The Energy Minister of Trinidad and Tobago (T&T), Kevin Ramnarine has already said that the ExxonMobil find “is extremely significant and presents a huge opportunity for T&T’s locally owned energy services sector”. Ramnarine declared that his country “has many locally owned and established energy service companies like Tucker Energy Services and Well Services Petroleum Ltd that could supply services to the developing oil and gas industry in Guyana. There may also be opportunities for the independent exploration and production companies in T&T like Trinity.”
The need for goods, services and people to support the oil and gas production in Guyana would be a huge gain not only for T&T, but for the economies of all the other countries of the CARICOM group which provides for the movement of skills, capital and goods by treaty.
With regard to the first part of the question posed by Latin American Advisor, “how will the will the border dispute play out”? An 1897 treaty obliged Venezuela and Guyana (then British Guiana) to accept the result of an 1899 arbitration, setting their present boundaries, as a “full, perfect and final” settlement.
The boundaries were accepted by Venezuela for 63 years until 1962, as British Guiana moved towards independence when Venezuela claimed it was “robbed” by the arbitral award. A 1966 Agreement, signed by the governments of Britain, British Guiana and Venezuela in Geneva and filed with the UN, acknowledged not a “border dispute” but a “controversy” based on the new Venezuelan assertion of nullity.
The 1966 Agreement provides for the resolution of the controversy by actions of the UN SG under Article 33 of the UN Charter. After 49 years, including 25 years of the SG’s efforts at mediation and conciliation through a ‘good offices’ process, no resolution has been found.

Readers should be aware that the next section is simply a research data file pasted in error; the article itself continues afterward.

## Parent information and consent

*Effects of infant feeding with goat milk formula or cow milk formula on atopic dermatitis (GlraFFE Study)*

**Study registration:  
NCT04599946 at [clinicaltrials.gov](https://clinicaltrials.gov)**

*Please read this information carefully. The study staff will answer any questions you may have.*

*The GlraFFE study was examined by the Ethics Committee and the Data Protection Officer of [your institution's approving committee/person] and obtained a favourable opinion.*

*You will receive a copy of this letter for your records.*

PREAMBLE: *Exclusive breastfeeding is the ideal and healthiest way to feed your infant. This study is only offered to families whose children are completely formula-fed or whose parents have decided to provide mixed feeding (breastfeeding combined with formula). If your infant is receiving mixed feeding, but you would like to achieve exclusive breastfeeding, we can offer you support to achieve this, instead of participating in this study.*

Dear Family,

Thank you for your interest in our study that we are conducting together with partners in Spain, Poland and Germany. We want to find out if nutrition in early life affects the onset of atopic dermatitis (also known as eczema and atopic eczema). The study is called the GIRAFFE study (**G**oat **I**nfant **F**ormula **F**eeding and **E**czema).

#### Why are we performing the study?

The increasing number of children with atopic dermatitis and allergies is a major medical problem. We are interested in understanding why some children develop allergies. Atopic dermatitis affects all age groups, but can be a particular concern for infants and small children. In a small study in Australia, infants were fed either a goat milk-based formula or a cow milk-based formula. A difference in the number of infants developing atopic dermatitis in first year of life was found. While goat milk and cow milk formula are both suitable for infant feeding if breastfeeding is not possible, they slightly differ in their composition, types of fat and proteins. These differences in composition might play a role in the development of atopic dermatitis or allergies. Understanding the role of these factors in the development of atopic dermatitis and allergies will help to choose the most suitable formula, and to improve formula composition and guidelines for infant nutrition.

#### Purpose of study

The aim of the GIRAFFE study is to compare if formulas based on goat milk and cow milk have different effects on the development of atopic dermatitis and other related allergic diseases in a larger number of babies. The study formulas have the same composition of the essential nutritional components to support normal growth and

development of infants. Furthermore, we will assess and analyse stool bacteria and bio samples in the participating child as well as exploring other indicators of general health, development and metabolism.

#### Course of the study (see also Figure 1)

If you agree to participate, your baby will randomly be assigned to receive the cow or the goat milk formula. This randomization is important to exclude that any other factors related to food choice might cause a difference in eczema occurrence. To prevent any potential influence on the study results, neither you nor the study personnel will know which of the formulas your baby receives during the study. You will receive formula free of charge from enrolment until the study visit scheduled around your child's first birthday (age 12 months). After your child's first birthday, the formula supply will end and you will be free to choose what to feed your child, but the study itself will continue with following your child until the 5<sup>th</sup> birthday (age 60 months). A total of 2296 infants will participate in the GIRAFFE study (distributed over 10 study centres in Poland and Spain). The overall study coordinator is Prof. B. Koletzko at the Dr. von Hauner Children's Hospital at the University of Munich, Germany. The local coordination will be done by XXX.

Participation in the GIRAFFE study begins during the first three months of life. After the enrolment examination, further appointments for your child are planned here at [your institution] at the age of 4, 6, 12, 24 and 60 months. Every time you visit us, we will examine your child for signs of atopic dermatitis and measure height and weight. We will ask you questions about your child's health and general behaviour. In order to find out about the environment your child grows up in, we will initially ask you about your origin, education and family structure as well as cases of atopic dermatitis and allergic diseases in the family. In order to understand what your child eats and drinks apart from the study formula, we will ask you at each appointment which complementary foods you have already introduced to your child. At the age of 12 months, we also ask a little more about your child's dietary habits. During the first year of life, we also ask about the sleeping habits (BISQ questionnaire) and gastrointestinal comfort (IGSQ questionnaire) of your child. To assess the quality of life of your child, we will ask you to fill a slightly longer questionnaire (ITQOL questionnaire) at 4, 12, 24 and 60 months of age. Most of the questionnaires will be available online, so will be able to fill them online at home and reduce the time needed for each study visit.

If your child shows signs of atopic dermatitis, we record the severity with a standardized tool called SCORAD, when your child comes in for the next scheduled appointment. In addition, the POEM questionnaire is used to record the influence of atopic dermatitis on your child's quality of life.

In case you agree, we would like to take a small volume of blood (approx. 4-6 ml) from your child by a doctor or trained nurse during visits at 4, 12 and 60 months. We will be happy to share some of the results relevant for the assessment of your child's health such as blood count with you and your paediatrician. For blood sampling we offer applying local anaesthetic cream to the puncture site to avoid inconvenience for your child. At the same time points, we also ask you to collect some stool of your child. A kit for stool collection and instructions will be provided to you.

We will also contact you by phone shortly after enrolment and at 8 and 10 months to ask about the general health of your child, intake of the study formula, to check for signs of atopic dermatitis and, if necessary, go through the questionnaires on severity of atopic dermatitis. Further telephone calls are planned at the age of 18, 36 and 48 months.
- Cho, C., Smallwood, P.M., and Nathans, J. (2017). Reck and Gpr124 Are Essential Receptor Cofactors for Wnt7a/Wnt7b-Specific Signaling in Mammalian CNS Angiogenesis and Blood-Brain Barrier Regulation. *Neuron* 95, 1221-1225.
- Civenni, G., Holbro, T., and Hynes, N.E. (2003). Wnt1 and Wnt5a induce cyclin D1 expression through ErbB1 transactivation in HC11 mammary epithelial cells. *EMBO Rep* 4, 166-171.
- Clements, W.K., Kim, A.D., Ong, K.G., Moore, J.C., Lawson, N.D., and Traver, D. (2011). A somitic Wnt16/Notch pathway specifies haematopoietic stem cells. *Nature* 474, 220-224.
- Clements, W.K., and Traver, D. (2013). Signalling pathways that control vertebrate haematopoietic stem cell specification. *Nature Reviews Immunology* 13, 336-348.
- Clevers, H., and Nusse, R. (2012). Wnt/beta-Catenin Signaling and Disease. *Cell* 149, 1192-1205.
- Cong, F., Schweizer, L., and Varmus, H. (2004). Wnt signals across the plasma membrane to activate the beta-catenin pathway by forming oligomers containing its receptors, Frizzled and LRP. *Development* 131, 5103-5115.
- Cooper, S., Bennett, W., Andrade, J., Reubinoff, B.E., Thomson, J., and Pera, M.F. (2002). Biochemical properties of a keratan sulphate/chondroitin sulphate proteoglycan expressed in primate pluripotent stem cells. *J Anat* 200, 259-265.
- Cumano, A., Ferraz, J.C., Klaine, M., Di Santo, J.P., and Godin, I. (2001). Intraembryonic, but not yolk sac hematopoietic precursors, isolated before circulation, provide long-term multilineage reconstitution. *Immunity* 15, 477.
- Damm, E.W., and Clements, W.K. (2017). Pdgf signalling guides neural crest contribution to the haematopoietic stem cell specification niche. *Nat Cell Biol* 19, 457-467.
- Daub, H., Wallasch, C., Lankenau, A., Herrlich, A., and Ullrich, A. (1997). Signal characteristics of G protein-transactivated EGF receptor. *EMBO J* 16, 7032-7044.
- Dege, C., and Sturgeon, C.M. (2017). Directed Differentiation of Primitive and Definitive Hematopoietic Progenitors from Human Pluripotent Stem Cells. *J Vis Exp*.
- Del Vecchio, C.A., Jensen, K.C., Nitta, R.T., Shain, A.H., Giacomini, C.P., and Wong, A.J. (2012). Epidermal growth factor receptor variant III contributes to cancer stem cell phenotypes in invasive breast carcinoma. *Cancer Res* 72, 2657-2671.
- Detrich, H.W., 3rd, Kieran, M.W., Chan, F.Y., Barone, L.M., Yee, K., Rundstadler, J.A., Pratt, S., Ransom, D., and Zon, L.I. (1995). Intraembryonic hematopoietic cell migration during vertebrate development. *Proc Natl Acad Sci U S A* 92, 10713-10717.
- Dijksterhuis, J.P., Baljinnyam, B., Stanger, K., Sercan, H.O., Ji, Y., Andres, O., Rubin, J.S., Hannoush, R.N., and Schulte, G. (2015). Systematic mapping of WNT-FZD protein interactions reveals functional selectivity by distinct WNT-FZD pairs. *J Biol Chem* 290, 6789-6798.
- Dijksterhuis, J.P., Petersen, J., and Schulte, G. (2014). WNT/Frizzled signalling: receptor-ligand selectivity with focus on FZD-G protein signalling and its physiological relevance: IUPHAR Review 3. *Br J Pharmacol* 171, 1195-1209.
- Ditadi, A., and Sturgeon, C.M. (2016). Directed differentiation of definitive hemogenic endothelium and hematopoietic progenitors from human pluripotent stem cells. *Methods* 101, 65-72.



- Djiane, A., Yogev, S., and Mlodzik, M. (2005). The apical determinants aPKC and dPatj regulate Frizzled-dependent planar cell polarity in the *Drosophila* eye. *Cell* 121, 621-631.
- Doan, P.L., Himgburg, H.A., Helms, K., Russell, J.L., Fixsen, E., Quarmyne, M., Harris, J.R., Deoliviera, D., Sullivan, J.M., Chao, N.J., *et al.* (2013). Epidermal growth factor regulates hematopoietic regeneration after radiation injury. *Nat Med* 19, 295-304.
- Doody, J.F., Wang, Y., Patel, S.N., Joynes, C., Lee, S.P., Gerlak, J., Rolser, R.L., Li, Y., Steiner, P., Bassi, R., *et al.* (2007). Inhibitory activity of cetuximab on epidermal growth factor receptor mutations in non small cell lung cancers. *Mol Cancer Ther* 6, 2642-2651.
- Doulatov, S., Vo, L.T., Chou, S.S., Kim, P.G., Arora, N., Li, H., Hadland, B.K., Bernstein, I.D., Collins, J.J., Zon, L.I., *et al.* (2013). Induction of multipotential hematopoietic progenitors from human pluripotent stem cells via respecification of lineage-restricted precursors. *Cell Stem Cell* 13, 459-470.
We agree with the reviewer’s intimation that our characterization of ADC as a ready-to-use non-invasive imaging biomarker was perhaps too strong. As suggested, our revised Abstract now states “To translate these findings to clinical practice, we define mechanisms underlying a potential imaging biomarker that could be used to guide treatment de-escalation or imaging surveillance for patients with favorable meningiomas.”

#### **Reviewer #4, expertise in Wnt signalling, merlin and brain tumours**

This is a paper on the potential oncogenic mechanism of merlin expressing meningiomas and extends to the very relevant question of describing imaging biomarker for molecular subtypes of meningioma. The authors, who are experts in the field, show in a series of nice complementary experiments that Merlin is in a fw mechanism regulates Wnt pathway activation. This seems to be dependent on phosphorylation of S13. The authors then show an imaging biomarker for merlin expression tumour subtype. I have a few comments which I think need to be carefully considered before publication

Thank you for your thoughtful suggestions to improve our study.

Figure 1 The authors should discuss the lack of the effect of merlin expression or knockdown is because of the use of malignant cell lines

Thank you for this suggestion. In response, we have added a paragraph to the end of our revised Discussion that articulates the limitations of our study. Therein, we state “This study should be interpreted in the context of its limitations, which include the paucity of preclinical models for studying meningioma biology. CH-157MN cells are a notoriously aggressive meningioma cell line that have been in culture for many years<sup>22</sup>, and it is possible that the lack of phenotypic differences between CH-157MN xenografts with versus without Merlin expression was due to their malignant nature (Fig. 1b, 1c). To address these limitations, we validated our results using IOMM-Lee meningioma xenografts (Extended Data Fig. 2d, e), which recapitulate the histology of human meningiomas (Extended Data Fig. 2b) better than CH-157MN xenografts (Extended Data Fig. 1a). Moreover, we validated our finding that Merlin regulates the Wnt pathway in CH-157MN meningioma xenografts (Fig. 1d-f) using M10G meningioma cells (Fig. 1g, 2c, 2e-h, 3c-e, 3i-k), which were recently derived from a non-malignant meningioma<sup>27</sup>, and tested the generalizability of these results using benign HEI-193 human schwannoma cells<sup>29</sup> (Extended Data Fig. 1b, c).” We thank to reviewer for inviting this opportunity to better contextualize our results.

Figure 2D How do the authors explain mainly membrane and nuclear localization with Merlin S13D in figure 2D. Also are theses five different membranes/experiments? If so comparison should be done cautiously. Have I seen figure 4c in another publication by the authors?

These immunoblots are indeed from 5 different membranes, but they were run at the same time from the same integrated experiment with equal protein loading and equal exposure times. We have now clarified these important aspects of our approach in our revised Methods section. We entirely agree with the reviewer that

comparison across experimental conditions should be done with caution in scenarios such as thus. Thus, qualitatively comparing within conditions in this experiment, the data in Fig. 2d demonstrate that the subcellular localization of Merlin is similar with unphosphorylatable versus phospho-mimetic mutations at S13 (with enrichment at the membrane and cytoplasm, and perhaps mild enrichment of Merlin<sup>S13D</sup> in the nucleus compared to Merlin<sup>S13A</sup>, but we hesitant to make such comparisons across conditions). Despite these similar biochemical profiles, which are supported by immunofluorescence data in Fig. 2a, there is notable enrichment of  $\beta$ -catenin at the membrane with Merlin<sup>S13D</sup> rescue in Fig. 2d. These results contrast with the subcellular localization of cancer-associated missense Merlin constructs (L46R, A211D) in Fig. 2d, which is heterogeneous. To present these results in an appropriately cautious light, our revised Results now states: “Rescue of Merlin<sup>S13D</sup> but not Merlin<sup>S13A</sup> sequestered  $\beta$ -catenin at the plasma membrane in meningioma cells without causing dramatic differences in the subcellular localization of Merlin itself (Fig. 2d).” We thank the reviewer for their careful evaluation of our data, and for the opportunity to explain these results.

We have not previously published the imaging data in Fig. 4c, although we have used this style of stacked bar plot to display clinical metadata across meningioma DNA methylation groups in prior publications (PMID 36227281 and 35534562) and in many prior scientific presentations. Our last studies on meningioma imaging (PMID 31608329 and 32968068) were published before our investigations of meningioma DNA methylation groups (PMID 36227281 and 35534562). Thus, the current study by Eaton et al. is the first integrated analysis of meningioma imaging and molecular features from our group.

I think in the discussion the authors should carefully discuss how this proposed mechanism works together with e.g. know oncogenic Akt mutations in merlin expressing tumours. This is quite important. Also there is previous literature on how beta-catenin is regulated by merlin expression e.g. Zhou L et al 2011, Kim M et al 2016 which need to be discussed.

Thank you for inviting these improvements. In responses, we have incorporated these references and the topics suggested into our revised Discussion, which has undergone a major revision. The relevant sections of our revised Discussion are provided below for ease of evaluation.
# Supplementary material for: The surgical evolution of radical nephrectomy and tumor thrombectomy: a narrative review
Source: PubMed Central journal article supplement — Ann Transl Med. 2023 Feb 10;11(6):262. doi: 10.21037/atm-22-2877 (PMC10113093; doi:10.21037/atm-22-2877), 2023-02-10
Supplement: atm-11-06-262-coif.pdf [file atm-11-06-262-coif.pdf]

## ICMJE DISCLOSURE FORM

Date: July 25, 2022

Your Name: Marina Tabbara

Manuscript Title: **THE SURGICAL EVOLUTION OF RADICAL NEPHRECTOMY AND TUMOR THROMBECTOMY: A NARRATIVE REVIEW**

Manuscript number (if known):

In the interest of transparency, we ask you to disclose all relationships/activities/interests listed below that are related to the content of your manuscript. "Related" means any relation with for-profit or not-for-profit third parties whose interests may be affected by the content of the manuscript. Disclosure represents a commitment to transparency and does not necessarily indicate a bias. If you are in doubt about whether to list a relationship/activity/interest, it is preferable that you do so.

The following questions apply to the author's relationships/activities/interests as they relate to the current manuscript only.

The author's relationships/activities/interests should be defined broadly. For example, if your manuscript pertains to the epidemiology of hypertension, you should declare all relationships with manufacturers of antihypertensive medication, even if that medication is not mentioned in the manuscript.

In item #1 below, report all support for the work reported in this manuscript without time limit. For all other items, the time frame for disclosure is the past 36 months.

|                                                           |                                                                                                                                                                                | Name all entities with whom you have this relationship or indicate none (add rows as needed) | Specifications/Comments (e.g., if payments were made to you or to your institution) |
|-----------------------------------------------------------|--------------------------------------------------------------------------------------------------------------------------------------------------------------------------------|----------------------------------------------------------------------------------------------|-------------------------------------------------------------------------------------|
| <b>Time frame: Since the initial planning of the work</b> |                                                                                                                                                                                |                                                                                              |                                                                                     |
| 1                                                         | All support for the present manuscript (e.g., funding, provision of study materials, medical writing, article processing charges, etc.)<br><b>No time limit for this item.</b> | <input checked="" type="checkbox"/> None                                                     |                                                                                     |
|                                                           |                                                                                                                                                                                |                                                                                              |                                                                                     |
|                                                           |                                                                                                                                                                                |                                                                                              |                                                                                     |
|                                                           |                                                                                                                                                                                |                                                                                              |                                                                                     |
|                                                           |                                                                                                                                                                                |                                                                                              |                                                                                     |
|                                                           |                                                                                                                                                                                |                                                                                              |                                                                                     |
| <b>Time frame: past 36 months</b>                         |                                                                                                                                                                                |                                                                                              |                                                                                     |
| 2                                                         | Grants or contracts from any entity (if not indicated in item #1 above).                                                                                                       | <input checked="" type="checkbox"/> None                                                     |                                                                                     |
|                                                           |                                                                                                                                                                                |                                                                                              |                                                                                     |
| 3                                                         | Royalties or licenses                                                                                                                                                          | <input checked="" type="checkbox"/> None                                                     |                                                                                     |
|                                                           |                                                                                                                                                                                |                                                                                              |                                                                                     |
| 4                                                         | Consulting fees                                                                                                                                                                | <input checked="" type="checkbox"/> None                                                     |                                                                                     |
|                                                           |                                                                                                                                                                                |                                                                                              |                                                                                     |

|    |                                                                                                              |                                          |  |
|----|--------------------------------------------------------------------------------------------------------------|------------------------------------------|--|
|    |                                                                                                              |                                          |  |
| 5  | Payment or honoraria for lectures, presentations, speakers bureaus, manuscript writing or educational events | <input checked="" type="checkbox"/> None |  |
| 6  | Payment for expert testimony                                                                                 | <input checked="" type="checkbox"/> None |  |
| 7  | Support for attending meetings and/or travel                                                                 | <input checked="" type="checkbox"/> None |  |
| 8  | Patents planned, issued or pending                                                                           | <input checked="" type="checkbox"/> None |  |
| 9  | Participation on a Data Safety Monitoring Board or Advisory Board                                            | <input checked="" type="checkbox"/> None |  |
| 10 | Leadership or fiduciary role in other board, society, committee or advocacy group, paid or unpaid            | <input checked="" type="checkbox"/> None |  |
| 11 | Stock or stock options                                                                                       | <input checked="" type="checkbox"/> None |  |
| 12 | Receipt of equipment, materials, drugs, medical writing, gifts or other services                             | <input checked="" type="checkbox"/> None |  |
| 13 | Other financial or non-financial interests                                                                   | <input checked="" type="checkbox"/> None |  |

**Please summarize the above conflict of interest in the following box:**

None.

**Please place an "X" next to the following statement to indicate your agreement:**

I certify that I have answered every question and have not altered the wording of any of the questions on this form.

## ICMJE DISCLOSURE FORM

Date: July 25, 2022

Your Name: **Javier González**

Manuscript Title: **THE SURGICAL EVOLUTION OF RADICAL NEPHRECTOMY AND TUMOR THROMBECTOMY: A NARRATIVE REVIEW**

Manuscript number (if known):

The exhaustion of other options now leaves a ‘judicial settlement’ open to the SG. Such a judicial settlement by the International Court of Justice would settle the issue peacefully, binding both Guyana and Venezuela.
That would be the peaceful, legal and internationally acceptable way to end the controversy once and for all, allowing the Guyanese and Venezuelan people to co-exist in peace and co-operate as neighbours for their own well-being and in the interest of their neighbours.
As for the last element of Latin American Advisor’s question: will the current situation “interfere with plans to develop the ExxonMobil oil find?”. In 2013, the Venezuelan Navy evicted from Guyanese waters the RV Teknik Perdana, a survey boat being used by Texas-based Anadarko Petroleum Corp, to carry out seismic surveys. ExxonMobil was well aware of that incident. Unless Venezuela intervenes militarily, ExxonMobil’s work on the oil find should legitimately continue.
But, the controversy should not be allowed to fester any longer. Peace, national development and hemispheric co-operation are at risk. A judicial settlement by the World Court based on international law and evidence and arguments by all sides is now appropriate.
(Sir Ronald Sanders is a Senior Fellow at the Institute of Commonwealth Studies, University of London and Massey College, University of Toronto)